Showing posts from March, 2010

St. Benjamin

Saint Benjamin was a deacon martyred circa 424 in Persia. St. Benjamin was executed during a period of persecution of Christians that lasted forty years and through the reign of two Persian kings: Isdegerd I, who died in 421, and his son and successor, Varanes V. King Varanes carried on the persecution with such great fury, that Christians were submitted to the most cruel tortures.
Benjamin was imprisoned a year for his Christian Faith, and later released with the condition that he abandon preaching or speaking of his religion. His release was obtained by the Eastern Roman Emperor Theodosius II through an ambassador. However, St. Benjamin declared that it was his duty to preach Christ and that he could not be silent. As a consequence, St. Benjamin was tortured mercilessly until his death in the year 424.

St. John Climacus

John's nickname comes from the famous treatise on asceticism written by John and entrusted to the abbot of Raithu, The Ladder of Paradise (Greek climax, which means stairs). His biographer, the monk Daniel Raithu Monastery, southwest Sinai, writes that John was born in Palestine and the age of six left the hometown to retire to a monastery in Sinai. There he received the monastic tonsure at four years of income and lived 19 years in community under the guidance of a holy old man, named Martyrdom.
When the master died, John retired to a solitary cell on Mount Sinai, a few miles from the monastery, where he was down on Saturday and Sunday to participate in religious ceremonies with the other brothers. In the cell there was only a wooden cross, a table and a bench that served as chair and bed. Their only wealth were the books of Holy Scripture and the writings of the Fathers of the Church, including Pastoralis Regula of St. Gregory the Great, translated into Greek by a patriarch of An…

St. Bertold

Bertold was born in Limoges in south west France. He went to the Holy Lands as a Crusader and was in Antioch during its siege by the Saracens. It was around this time had Bertold had a vision of Christ denouncing the evil ways of the soldiers. Some accounts hold that in 1155 he came to Mount Carmel and built a small chapel there, gathering a community of hermits about him living in imitation of the prophet Elijah. This community has sometimes been thought to have given rise to the Order of Carmelites, but this is not supported by any clear evidence and is generally discounted by historians of the Order. Bertold died circa 1195, and tradition holds that he was replaced as leader of the hermits by Saint Brocard.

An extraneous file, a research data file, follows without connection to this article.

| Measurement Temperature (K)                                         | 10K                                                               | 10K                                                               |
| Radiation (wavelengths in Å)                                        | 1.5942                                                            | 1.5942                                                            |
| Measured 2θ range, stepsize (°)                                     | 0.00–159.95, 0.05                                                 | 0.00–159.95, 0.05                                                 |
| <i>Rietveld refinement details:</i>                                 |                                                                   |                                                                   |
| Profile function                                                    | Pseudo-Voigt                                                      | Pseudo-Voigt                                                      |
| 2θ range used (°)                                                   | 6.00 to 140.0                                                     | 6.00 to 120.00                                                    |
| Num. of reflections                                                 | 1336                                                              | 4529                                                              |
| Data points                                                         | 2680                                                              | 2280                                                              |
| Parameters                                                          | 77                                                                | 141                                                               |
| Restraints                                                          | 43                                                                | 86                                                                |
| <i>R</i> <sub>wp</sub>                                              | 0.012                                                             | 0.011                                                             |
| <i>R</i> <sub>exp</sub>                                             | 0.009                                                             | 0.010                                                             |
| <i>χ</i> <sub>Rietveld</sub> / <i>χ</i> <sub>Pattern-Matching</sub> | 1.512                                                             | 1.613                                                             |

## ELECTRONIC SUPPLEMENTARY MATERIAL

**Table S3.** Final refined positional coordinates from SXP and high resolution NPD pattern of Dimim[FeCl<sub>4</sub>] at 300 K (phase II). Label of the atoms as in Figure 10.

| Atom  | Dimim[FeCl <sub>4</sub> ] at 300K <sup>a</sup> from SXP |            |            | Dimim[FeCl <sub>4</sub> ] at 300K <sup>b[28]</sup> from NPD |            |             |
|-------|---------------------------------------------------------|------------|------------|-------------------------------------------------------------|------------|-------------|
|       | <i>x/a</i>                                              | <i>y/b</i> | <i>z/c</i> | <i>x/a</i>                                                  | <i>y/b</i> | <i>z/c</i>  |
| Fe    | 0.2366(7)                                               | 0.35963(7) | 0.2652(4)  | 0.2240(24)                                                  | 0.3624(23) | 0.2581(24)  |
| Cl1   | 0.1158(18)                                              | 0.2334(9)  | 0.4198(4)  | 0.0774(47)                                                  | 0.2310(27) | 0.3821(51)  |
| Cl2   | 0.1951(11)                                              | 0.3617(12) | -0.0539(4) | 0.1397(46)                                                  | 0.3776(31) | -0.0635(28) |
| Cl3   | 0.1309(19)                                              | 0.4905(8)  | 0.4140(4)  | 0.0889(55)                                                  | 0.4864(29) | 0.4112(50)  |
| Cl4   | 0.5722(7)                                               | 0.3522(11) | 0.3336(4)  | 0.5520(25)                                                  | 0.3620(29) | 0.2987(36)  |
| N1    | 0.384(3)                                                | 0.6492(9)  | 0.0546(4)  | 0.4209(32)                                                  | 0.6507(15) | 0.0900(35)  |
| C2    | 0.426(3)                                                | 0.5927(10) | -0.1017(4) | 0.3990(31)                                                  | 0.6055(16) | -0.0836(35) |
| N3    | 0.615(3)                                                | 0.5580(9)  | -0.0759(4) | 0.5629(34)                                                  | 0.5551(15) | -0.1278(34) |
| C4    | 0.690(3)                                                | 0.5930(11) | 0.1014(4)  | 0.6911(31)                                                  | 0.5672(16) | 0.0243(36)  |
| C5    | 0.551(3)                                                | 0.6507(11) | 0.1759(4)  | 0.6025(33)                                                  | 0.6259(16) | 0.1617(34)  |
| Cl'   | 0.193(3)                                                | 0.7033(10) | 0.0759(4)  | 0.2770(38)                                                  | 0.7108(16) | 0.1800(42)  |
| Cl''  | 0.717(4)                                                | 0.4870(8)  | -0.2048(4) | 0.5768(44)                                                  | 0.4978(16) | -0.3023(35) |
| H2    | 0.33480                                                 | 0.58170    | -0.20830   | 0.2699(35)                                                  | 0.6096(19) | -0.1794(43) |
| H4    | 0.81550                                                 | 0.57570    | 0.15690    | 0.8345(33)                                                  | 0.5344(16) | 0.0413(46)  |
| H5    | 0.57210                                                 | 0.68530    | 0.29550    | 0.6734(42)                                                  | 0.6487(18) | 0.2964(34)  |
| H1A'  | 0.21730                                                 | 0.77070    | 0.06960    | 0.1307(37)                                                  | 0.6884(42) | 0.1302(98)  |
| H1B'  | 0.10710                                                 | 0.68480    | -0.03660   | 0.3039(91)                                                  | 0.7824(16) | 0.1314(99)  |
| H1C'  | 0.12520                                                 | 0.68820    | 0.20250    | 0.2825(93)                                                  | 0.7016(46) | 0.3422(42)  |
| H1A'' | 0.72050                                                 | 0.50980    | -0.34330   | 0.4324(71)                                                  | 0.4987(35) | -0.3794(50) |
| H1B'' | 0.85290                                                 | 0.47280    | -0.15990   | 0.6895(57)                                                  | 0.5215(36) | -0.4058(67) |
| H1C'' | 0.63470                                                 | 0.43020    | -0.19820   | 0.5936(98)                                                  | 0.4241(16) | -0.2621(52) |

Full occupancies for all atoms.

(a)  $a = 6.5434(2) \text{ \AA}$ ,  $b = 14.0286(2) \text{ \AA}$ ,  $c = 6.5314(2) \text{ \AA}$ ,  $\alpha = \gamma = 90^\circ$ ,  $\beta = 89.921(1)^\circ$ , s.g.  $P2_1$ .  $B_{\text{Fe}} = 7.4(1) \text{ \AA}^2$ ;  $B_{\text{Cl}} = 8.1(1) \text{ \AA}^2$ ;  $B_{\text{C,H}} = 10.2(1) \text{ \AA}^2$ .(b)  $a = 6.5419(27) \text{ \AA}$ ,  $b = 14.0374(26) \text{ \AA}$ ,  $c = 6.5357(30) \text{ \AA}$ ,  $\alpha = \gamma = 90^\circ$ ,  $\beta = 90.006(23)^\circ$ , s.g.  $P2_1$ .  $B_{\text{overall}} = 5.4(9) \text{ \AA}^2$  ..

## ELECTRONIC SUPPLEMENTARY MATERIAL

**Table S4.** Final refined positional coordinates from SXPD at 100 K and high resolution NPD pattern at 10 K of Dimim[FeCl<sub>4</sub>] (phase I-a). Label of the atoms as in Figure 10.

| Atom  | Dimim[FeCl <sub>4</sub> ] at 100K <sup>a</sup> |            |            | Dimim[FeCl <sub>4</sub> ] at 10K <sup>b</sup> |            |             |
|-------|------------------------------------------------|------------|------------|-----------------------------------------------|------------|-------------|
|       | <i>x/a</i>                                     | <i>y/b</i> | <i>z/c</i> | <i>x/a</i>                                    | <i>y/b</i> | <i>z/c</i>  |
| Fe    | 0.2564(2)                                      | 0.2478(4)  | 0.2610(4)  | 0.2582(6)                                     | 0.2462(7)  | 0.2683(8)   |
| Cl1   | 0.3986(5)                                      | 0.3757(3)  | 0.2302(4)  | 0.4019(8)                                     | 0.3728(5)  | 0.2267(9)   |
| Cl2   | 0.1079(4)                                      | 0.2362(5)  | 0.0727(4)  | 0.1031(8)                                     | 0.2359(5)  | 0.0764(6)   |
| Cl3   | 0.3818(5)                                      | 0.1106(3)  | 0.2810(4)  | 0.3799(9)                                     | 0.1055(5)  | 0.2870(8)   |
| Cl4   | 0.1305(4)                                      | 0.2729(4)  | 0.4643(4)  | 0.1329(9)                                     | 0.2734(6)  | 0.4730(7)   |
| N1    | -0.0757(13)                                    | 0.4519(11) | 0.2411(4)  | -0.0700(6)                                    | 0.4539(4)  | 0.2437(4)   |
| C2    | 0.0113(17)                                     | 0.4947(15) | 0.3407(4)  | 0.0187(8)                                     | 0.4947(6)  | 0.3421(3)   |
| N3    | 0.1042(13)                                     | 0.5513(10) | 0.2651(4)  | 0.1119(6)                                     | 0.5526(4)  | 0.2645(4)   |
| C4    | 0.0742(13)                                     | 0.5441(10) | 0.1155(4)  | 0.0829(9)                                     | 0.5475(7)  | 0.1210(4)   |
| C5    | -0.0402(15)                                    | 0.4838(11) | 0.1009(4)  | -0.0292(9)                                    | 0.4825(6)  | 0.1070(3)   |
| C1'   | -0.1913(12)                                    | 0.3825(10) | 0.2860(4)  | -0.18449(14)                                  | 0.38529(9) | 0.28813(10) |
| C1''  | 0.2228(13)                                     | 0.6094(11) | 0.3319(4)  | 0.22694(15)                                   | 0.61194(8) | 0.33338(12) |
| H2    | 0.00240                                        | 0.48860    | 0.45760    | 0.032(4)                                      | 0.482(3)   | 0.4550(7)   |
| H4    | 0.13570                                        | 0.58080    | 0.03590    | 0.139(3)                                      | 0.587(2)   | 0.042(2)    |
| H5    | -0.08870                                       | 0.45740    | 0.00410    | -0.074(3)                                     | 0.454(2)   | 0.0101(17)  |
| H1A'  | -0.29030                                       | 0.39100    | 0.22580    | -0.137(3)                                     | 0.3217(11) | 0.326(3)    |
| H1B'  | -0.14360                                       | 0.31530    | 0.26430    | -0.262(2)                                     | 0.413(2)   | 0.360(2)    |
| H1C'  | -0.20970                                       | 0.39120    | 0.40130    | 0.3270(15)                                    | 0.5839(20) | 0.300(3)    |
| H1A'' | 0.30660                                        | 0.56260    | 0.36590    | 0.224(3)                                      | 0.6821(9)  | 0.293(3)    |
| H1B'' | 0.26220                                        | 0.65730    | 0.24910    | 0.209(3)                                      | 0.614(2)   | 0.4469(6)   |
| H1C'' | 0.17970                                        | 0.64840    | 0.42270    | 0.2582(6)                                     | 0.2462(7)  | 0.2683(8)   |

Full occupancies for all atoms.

Palm Sunday

In fulfillment of prophecy (Isaiah 62:11 & Zechariah 9:9), Jesus rode into Jerusalem on a donkey. The crowds lined the street shouting "Hosanna! Blessed is He who comes in the name of the Lord." (Psalm 118:25-26) They placed palm branches and robes in front of Jesus. This was particularly disturbing to the religious leaders who were jealous of Jesus. They demanded that Jesus silence the crowd, but he responded that even if the crowd were silent, the stones would cry out.

The events of the next week would forever change the world. Jesus entered Jerusalem and the crowd welcomed him as a king. By the end of the week they were demanding his death. His followers abandoned him in fear. None of his close followers had really understood the events of Palm Sunday and Holy Week until after Jesus returned. They had all expected Jesus to be an earthly king, but God had given them something so much better - an open door into a Kingdom that would never end.

St. Sixtus III

He was elected to the death of Pope St. Celestine I, in 432, and occupied the See of Peter for eight years were very full of demands.